OPPORTUNITIES FOR IMPROVING CRE CONCENTRATION REPORTING AND TRACKING

Under current FDIC guidance, use of a Concentrations page7 in the ROE for institutions that have potentially significant CRE loan concentrations is optional. Further, the SAER, which DSC uses to ensure that the level of oversight accorded to an institution is commensurate with the level of risk it poses to the Deposit Insurance Fund, does not capture CRE concentrations as a separate category for tracking purposes. Therefore, the FDIC can increase DSC and institution management awareness of potentially significant CRE concentration risk and improve tracking of CRE concentrations for FDIC-supervised institutions, in particular, those with CRE concentrations greater than 300 percent of total capital, through enhancements in the use of the Concentrations page and SAER.

DSC Guidance on the Concentrations Page

For the examinations we sampled, the examiners did not always include a Concentrations page in the ROEs for institutions that had potentially significant CRE concentrations. Rather, the examiners most often addressed CRE concentration risks in either the ECC or RMA sections of the ROEs. The optional Concentrations page was not completed in 16 of the 48 examinations we reviewed,8 even though all of the institutions had been identified as having potentially significant CRE loan concentrations.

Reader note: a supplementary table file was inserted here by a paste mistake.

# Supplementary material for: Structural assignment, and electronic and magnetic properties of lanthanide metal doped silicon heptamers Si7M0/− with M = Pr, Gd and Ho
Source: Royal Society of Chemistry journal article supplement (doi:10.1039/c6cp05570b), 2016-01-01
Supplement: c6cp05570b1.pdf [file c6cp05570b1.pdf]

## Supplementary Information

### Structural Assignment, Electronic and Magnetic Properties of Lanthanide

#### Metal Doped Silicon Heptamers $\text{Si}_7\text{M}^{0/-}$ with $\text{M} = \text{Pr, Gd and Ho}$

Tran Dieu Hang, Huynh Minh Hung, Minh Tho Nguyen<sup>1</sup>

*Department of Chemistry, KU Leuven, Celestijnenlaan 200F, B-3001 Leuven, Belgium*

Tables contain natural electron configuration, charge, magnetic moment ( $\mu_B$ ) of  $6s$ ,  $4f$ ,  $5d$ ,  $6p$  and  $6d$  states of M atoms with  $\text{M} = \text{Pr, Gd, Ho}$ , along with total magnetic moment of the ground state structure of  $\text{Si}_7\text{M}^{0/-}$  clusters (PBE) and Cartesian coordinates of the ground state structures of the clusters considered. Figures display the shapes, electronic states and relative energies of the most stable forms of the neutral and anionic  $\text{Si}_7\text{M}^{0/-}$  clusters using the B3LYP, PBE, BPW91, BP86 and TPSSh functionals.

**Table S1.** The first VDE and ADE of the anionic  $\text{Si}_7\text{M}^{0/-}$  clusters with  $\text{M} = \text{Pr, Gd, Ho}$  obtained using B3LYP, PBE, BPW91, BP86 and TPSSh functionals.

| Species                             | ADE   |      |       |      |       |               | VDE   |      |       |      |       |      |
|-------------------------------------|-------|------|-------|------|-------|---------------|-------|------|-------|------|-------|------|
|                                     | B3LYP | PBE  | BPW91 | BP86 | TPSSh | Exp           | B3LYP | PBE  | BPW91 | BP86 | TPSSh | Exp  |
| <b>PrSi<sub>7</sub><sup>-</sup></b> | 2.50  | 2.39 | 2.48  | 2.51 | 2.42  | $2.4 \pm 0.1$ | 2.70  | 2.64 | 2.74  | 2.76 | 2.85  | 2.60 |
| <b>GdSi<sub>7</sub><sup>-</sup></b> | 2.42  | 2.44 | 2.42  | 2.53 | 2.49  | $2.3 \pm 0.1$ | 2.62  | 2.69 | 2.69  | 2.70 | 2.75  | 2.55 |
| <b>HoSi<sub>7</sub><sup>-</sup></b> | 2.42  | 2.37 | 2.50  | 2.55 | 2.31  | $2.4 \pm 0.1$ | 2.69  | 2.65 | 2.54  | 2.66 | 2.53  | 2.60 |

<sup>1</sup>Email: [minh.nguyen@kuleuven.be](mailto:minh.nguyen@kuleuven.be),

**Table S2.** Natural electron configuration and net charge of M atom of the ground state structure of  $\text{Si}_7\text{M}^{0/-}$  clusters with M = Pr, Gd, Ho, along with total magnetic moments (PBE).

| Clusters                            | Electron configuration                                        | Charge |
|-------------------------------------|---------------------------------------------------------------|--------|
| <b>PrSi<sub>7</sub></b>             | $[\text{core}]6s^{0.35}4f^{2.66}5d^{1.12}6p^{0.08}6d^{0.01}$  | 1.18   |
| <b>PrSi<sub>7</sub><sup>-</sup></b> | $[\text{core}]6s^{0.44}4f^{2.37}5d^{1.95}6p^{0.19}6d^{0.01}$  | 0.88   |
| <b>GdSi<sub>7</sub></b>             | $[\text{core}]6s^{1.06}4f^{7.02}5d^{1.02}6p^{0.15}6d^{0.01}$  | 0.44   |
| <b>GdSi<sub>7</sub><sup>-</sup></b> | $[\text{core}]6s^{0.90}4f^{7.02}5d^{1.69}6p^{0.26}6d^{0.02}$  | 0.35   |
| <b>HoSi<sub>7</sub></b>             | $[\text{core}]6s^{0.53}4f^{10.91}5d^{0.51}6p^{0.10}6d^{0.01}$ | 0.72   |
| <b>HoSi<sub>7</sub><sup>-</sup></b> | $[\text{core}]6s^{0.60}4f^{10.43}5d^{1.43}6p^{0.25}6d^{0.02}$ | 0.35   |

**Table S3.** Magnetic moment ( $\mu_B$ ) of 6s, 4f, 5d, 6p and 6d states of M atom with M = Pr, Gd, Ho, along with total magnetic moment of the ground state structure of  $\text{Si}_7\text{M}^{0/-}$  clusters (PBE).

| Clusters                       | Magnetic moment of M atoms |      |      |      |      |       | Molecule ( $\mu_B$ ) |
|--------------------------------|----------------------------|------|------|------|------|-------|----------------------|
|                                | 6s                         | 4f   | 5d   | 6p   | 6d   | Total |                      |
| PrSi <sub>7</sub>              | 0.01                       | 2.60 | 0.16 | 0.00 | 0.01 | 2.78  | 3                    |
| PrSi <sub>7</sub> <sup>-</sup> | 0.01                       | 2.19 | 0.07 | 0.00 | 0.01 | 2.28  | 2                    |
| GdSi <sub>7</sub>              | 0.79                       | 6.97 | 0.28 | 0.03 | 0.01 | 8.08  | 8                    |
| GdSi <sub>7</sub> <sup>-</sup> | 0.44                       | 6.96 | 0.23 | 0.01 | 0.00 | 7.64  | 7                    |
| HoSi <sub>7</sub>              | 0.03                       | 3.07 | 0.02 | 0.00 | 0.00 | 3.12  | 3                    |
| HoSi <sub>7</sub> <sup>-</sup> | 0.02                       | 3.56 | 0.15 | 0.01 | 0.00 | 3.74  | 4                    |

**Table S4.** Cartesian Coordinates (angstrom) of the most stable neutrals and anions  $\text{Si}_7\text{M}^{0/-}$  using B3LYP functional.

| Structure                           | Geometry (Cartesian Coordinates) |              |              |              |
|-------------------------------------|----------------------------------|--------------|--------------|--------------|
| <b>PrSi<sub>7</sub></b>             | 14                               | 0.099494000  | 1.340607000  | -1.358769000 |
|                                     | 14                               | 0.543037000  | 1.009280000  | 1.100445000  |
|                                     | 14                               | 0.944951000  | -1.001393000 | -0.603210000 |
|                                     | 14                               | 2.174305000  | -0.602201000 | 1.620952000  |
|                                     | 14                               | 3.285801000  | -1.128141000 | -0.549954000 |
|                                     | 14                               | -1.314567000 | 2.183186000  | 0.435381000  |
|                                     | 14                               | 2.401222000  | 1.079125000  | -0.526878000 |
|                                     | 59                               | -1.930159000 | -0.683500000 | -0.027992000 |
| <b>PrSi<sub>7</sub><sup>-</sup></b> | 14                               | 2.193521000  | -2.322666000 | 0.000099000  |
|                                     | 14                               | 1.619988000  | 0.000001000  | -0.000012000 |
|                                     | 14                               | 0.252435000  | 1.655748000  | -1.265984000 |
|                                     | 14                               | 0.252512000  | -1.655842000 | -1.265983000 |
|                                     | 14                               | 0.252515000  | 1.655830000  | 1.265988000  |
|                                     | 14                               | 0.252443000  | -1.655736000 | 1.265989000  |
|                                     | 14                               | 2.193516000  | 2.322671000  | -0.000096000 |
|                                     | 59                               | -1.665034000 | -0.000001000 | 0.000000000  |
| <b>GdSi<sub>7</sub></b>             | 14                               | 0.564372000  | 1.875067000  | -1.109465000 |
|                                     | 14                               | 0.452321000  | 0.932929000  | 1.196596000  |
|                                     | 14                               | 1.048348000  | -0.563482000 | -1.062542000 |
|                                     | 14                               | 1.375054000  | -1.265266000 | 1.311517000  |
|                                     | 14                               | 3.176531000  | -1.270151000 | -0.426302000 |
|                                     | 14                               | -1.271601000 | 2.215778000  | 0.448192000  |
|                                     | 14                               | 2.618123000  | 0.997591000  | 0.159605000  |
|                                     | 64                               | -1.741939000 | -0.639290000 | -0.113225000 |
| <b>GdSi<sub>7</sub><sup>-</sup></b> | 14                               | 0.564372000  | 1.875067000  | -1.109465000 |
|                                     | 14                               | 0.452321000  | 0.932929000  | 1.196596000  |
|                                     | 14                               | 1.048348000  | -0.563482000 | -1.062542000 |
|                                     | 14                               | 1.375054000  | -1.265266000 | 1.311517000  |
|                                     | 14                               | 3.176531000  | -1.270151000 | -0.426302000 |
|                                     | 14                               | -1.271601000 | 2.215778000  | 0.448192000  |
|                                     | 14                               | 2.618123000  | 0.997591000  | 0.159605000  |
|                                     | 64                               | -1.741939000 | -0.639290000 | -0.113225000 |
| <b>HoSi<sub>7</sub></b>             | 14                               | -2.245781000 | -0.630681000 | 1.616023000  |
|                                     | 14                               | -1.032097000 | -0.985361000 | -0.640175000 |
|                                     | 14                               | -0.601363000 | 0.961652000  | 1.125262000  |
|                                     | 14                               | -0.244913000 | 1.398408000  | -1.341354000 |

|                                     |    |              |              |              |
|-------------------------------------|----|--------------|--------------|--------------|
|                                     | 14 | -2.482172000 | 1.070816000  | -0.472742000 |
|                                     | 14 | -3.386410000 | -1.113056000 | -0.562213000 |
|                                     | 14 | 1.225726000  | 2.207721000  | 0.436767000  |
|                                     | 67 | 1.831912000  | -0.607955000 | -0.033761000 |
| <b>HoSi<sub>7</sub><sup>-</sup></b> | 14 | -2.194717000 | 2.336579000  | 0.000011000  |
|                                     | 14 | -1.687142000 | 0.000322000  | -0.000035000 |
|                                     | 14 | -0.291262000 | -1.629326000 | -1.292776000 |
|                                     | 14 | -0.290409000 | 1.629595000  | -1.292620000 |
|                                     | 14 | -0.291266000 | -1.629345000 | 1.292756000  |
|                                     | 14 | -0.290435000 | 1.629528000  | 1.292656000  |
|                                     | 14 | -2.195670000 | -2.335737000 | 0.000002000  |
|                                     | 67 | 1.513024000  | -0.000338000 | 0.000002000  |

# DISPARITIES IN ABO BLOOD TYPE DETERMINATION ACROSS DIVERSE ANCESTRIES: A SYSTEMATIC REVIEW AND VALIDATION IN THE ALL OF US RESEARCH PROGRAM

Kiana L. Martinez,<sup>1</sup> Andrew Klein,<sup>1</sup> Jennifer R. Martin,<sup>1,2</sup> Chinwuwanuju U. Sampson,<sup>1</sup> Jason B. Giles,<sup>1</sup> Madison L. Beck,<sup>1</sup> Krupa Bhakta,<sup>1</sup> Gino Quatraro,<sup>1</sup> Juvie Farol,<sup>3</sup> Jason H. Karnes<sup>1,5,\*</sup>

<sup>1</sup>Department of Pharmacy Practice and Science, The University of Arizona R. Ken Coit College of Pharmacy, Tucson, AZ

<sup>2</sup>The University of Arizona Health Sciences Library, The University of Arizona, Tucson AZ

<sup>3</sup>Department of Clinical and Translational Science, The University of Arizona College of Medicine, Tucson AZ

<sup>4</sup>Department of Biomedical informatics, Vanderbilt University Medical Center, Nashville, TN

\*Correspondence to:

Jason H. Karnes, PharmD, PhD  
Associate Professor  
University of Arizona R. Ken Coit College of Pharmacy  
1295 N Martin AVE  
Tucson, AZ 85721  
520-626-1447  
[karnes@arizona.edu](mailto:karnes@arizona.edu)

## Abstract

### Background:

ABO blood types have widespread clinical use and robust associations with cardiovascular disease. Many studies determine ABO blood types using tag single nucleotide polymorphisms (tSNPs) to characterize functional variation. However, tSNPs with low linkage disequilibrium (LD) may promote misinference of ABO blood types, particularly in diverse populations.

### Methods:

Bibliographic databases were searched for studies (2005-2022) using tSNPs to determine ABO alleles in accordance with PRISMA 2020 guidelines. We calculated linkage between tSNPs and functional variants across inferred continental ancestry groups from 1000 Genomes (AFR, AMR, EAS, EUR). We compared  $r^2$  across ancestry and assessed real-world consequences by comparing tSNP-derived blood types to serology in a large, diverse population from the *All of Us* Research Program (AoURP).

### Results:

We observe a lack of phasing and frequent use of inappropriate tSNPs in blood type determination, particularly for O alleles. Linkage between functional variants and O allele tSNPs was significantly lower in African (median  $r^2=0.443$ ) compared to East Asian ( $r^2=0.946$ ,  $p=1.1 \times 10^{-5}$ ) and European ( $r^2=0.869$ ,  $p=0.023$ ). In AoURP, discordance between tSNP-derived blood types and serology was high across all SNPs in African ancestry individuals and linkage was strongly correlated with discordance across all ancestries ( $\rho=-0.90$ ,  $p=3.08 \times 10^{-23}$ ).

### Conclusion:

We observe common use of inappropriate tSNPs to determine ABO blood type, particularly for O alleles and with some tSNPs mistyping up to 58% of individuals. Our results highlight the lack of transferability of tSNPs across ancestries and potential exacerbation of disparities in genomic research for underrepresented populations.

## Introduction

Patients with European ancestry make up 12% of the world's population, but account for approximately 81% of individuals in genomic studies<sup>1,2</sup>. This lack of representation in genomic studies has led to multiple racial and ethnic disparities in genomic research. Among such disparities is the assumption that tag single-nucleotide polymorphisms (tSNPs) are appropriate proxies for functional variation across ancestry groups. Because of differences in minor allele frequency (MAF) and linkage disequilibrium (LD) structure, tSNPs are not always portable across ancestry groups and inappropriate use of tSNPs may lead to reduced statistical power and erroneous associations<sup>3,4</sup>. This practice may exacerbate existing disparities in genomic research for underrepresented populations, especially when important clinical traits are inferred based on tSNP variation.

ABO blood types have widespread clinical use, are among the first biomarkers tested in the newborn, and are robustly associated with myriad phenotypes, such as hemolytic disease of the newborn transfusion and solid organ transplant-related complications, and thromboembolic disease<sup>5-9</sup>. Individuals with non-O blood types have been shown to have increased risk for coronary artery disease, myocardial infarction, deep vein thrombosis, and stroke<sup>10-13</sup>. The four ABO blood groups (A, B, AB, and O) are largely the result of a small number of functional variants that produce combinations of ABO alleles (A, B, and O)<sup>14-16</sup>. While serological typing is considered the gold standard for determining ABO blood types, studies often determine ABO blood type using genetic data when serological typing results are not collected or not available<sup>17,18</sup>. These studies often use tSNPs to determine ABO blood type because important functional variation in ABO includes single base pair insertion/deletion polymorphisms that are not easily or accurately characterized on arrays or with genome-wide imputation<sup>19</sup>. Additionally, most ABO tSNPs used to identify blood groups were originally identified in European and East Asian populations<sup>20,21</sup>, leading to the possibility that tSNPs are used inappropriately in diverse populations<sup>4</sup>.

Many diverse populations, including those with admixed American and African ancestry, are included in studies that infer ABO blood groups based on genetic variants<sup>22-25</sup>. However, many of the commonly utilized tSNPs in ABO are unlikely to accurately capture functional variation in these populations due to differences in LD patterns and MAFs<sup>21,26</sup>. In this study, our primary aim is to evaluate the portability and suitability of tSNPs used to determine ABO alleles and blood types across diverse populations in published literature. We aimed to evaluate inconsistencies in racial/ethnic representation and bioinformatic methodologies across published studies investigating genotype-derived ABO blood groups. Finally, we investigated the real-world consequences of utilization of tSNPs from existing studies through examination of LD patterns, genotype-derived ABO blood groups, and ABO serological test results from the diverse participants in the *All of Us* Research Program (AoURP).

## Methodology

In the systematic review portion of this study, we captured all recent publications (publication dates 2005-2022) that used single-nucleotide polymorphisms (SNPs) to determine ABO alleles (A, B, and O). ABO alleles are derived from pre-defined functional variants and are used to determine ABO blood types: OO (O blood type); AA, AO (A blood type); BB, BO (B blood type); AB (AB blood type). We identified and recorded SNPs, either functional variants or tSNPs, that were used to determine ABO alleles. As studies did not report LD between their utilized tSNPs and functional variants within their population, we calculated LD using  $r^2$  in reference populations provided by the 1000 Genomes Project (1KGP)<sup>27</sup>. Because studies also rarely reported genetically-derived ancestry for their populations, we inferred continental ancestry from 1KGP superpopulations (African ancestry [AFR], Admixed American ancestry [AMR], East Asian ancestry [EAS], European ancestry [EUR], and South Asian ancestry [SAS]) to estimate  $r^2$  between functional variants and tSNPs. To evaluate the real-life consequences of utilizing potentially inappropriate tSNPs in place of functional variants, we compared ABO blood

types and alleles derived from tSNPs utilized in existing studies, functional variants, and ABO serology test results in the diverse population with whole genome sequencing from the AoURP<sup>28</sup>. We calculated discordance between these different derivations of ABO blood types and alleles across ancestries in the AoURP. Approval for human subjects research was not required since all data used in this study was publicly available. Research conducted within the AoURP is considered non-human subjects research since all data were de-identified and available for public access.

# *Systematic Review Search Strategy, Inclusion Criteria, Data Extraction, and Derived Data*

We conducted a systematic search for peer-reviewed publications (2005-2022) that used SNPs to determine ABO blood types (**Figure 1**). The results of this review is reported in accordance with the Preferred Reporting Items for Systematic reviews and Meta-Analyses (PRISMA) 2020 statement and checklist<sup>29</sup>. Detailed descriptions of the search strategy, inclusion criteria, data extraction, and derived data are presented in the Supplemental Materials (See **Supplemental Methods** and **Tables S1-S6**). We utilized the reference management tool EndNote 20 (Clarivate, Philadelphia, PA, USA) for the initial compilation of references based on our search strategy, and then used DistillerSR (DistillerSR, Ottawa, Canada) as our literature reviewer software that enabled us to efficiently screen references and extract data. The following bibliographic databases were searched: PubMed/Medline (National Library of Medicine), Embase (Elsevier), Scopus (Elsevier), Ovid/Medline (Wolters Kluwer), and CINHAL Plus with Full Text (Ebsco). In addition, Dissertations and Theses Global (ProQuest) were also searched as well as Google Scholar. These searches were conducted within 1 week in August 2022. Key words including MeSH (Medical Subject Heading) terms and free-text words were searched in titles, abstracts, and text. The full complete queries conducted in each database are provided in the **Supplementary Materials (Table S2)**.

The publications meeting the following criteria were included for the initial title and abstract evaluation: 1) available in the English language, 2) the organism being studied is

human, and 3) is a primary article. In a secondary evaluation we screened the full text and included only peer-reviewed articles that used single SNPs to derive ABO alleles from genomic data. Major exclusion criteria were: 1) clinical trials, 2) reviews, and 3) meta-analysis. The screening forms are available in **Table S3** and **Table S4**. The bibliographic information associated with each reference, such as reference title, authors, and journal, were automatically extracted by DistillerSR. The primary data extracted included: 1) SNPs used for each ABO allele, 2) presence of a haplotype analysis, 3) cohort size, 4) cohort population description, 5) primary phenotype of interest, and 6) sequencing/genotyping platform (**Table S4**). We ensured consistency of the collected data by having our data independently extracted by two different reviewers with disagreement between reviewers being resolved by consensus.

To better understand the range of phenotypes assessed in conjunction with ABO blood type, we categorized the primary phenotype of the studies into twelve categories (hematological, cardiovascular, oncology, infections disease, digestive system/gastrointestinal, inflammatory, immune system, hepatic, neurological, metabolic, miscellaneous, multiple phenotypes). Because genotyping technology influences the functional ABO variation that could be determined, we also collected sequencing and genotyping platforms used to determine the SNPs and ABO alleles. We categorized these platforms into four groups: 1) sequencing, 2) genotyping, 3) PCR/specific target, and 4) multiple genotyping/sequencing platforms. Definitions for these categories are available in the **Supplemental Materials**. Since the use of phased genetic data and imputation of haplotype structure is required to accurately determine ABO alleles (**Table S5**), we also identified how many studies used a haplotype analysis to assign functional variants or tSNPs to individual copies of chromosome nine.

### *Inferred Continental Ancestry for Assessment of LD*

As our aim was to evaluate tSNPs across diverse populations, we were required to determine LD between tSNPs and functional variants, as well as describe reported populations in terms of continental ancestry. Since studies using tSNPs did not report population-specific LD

The Risk Management Manual of Examination Policies contains a sample Concentrations page that an examiner could use to report a possible absence of risk diversification within the institution's asset structure. The Manual states that the Concentrations page:

. . . is informational and all concentrations listed should not automatically be subject to criticism. However, if the intent is to criticize management's diversification policies, the examiner should carry forward comments to the RMA page or, if warranted, to the ECC page.

The Manual does not require the examiner to include the Concentrations page in the ROE. Nevertheless, the Manual does state, ďList any concentration in the 25 percent category if elevated risk is evident and/or it supports examination findings.Ē [Emphasis added.]